The Standard of Perfection is a book that is printed every 5 years, so whatever is written stands for that amount of time. This is what the judge at a rabbit show makes his decisions based on. If it is unclear to the judge, then how is the breeder supposed to interpret it? When differences in fur or body type are interpreted differently by each judge, it causes confusion as to what to breed for. Breeders in a particular area will breed for what the judge is picking as Best. This causes a difference in type in different parts of the country.
There are contradictions, of course. When the standard says that an animal should peak at the center of the loin, but the photo in the book shows a rabbit with the peak at its hip, then when you look at a rabbit with the peak at the loin, it will appear chopped to you. We've all seen rabbits that were placed well on the show table, rabbits that were overweight or otherwise lacking in type. I still say it is in the eye of the judge. We need a clear description of each breed that creates no contradictions so there will be no mistaking what to look for and create in your herd. The key word in the Standard is PERFECTION.
The standard satin should be an animal with a nice rise starting just behind the ears in a nice curve down to the hindquarters. Depth of the body should equal the width. The rabbit should resemble a football. NO RABBIT IS PERFECT! If you work hard and stick to a good breeding program and keep your aim in sight, you will succeed.
Fur is very important on a satin. You want to look for a good sheen (shine quality of the fur), good density and texture. You don't want the coat to be too harsh, rough, or too soft and cottony. It is sometimes very hard to tell in youngsters. Good density can be seen by blowing into the fur from the rump to the head. The farther down you can see without seeing the flesh the more dense the fur. The fur should be 1 to 1-1/8. The fur should show no molt, breaks, or stains. Satin's must have a good sheen! The eye color on blacks, chocolates, and reds should be brown.
Conditioning is very important in a rabbit. If your rabbit is out of condition, it will not stand a chance of winning any prizes. On the day of the show, the animal of the best condition will win. An animal in good condition will beat out an animal that may be of better quality in the long run.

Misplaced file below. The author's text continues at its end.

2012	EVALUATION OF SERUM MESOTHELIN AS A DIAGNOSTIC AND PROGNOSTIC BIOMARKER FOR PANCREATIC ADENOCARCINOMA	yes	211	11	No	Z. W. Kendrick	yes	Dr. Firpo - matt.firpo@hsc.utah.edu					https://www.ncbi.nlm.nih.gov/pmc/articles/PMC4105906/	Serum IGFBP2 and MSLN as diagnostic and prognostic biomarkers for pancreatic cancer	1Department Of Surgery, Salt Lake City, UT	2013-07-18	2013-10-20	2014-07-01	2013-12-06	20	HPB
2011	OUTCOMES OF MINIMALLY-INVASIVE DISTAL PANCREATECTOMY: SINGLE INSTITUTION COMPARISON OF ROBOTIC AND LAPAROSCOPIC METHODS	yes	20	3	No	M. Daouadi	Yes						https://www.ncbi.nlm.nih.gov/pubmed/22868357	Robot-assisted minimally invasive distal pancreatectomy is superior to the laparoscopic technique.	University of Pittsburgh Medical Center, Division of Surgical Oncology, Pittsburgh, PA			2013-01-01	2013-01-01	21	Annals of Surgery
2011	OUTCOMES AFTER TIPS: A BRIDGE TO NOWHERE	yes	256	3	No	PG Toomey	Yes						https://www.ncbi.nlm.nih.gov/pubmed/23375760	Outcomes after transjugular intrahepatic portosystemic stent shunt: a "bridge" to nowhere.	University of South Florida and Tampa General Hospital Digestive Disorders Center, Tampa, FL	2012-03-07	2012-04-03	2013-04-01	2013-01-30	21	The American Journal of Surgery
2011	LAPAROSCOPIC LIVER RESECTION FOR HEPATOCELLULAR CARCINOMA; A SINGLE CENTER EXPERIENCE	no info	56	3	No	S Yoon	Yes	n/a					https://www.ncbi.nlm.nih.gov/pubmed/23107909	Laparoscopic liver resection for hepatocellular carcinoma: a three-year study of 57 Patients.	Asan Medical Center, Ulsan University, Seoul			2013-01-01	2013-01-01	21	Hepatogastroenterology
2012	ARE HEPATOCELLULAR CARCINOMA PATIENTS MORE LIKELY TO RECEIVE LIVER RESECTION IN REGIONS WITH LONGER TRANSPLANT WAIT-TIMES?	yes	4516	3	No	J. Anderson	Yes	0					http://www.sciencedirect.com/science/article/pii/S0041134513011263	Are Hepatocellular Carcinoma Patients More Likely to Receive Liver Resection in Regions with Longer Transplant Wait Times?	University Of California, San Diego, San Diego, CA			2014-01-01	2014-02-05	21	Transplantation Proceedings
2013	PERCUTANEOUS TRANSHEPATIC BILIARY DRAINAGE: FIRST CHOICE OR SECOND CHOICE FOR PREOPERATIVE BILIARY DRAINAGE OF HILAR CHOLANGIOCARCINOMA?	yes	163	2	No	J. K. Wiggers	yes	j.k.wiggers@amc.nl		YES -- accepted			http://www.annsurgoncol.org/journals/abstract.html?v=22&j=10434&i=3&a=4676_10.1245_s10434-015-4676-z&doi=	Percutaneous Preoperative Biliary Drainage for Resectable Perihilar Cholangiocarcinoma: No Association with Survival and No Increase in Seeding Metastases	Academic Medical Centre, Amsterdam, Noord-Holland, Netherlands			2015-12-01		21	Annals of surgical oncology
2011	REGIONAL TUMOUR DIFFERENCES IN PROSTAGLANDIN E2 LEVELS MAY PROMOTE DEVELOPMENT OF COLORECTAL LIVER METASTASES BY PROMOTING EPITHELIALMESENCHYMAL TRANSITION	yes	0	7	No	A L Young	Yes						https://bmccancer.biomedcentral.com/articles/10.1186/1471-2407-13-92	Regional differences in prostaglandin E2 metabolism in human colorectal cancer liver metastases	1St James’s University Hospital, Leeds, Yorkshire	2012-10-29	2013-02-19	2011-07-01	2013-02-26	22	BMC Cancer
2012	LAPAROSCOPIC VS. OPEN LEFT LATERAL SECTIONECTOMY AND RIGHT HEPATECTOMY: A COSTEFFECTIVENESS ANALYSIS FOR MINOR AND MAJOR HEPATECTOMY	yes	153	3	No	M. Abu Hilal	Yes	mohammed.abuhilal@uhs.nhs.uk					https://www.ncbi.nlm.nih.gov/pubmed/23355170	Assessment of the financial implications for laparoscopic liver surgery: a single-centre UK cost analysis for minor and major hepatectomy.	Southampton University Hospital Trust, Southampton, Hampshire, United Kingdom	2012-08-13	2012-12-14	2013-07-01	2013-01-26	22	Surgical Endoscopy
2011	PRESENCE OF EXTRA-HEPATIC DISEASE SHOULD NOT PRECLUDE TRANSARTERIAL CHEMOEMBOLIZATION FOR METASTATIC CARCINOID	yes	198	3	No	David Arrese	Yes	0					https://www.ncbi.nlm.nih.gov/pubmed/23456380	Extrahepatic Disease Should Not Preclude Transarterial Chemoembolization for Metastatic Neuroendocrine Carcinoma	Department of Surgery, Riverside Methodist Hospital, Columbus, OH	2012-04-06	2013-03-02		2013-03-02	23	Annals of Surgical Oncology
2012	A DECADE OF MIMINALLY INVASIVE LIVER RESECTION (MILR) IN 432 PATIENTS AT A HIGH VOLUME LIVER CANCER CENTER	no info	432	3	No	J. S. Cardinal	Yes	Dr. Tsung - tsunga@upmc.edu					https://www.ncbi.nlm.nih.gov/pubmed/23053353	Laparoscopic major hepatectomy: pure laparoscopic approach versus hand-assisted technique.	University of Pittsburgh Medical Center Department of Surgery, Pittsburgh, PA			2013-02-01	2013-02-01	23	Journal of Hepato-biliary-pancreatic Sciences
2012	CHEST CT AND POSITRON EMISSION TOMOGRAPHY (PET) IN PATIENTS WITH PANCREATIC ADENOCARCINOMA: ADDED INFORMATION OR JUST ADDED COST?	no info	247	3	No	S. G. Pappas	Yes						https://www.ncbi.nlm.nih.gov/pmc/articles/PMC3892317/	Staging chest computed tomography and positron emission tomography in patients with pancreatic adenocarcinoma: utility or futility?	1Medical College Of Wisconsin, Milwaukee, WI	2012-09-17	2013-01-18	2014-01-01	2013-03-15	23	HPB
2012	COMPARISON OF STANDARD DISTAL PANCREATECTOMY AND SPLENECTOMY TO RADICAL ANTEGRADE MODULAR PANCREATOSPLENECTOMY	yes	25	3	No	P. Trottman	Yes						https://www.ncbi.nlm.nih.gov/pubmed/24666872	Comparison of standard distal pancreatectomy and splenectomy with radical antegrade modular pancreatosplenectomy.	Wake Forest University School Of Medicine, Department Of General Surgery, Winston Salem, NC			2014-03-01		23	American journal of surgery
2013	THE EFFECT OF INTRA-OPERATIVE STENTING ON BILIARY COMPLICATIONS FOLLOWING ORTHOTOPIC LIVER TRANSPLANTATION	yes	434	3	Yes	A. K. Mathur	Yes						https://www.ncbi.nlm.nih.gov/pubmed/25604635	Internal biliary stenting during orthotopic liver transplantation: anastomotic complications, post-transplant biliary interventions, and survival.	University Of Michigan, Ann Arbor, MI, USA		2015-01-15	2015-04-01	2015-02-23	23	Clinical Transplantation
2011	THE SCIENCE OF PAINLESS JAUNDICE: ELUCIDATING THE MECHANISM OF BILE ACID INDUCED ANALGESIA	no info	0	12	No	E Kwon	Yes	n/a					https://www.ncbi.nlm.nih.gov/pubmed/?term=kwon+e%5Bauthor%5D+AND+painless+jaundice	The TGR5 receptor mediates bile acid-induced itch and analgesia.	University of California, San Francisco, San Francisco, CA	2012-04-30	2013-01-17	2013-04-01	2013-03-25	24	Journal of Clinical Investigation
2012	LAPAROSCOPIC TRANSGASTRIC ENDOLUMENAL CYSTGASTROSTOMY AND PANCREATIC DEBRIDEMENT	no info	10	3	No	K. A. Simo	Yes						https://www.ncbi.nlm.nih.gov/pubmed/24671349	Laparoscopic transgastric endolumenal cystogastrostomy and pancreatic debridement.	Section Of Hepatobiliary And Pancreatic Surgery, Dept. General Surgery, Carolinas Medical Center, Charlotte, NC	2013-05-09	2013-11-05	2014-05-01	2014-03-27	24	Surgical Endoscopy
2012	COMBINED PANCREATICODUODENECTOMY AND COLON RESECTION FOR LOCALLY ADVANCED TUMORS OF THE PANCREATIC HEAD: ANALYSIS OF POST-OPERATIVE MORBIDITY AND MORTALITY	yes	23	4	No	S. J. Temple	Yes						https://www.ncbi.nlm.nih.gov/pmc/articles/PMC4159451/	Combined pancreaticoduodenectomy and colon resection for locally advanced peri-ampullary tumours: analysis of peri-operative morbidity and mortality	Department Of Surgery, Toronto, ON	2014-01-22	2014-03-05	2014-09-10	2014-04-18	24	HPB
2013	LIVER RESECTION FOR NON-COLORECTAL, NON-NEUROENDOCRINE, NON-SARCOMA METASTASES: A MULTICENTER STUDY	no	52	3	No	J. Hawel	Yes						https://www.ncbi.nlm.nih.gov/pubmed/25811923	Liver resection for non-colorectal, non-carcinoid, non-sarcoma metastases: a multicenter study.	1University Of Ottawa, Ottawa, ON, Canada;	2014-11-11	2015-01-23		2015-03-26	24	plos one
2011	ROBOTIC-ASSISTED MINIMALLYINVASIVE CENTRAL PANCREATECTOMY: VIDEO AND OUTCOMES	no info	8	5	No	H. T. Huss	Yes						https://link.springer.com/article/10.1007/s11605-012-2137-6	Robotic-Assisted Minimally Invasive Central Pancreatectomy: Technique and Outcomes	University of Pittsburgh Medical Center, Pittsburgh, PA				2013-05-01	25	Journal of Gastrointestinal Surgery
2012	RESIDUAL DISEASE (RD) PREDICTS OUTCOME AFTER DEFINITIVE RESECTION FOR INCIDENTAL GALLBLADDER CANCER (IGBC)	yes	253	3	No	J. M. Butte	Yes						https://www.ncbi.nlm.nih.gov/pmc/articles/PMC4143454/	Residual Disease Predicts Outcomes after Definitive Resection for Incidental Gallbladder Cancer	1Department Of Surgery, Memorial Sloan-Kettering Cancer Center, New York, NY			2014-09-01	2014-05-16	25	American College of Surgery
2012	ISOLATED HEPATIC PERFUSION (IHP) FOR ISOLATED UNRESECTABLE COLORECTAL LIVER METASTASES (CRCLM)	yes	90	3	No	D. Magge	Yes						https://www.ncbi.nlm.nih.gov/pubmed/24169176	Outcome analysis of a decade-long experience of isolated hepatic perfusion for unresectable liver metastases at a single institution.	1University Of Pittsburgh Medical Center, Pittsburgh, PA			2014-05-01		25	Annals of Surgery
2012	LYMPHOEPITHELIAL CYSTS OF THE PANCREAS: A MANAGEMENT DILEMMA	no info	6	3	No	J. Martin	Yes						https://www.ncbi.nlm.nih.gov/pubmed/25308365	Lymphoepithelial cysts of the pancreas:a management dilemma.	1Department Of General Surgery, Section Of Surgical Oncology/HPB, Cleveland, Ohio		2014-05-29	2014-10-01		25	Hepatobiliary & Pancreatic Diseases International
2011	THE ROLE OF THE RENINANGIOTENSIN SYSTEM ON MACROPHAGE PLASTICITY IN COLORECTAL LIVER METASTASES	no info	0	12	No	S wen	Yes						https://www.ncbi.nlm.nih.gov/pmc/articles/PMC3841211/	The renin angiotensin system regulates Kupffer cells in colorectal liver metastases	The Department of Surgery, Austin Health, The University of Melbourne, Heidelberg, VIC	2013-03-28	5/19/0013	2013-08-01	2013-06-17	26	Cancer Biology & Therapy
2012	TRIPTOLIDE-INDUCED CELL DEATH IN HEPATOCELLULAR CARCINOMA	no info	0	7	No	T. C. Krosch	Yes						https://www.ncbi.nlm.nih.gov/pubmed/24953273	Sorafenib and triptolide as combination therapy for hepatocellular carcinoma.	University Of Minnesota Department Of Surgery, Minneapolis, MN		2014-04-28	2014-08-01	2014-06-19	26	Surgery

According to the Rabbit Standard of Perfection, Condition is worth 5 points in showing. Often the judges will make it seem worth 50 points. The reason for this is that condition effects Type, Fur, and Color which, in the Satin rabbit, is where all the points lie. Good Condition enhances all aspects of the rabbit while poor condition detracts.
Learn how to find good condition on young rabbits, as well. When you do your first culling on 8-10 week old bunnies, the animals of choice should be well fleshed, with a nice rise and feel like a small brick with nice rounded hindquarters. The rabbit is made in the nestbox.
Place the rabbits you select in separate cages. Handle them and take note of how they develop, but do not cull them again until they are at least 4 months old and approaching their first junior prime coat, now you are looking for firm flesh with the rise starting right behind the head. Fur should have good sheen with fullness of coat. The less flesh you see when stroking the rabbit from the rump to the neck, the better the coat will be. which will occur between 4 1/2 and 5 months old.
At this point, cull again, making condition of flesh and fur your priority. Rabbits that do not get their finishing coat by 5 1/2 months should be culled, as should rabbits with coarse fur and any other poor quality.
The fur at this point should be soft. Select for the best type and fur on the rabbits. If they are in good condition then you are on the right track.
Pick a feed and stick with it. If your rabbits eat it and produce offspring that that grow well, don't change. You will end up culling your rabbits to your feed. Many breeders have culled their herds to their feed over time. Try to use a feed that is pretty consistent in its ingredients. Changing feed and ingredients will throw your animals into molt. People who change feed often are easy to beat on the show table, simply because their animals never get a chance to get used to a feed and into winning Condition.
Keep treats to a bare minimum. Use cool, low calorie additives, like some rolled or whole oats for those who have finished their pellets or an occasional piece of apple. Grass-hay will help prevent fur-block. Some use oils to help the sheen of the coat Calf-manna, horse feed with molasses, sunflower seeds (Black oil ONLY), can all speed up Finish, but they can also bring on a Molt. They are helpful if the rabbit is a while from getting its finishing coat, but if given to an animal in Prime, it will ruin the finish of the coat along with your chances for any winnings.
Water is a primary conditioner. If a rabbit won't drink, it won't eat, and finishing a rabbit that won't is impossible.
You can hold coats on rabbits that are bred for Condition. Reduce oils and hot feeds. Cut down a little on the pellets and add oats. Animals that are being conditioned should be at the feeder indicating hunger when you come to feed.
All the conditioning in the world will NOT prime a coat or hold it forever. Take notes when your young stock primes. Then you can stagger your breeding program to be ready for specific shows. Satin juniors usually prime between 4-5 months. Identify the shows you want to ready for and count backwards by those months and add 31 days for gestation. With this plan you will have a chance for a big win at a show of your choice.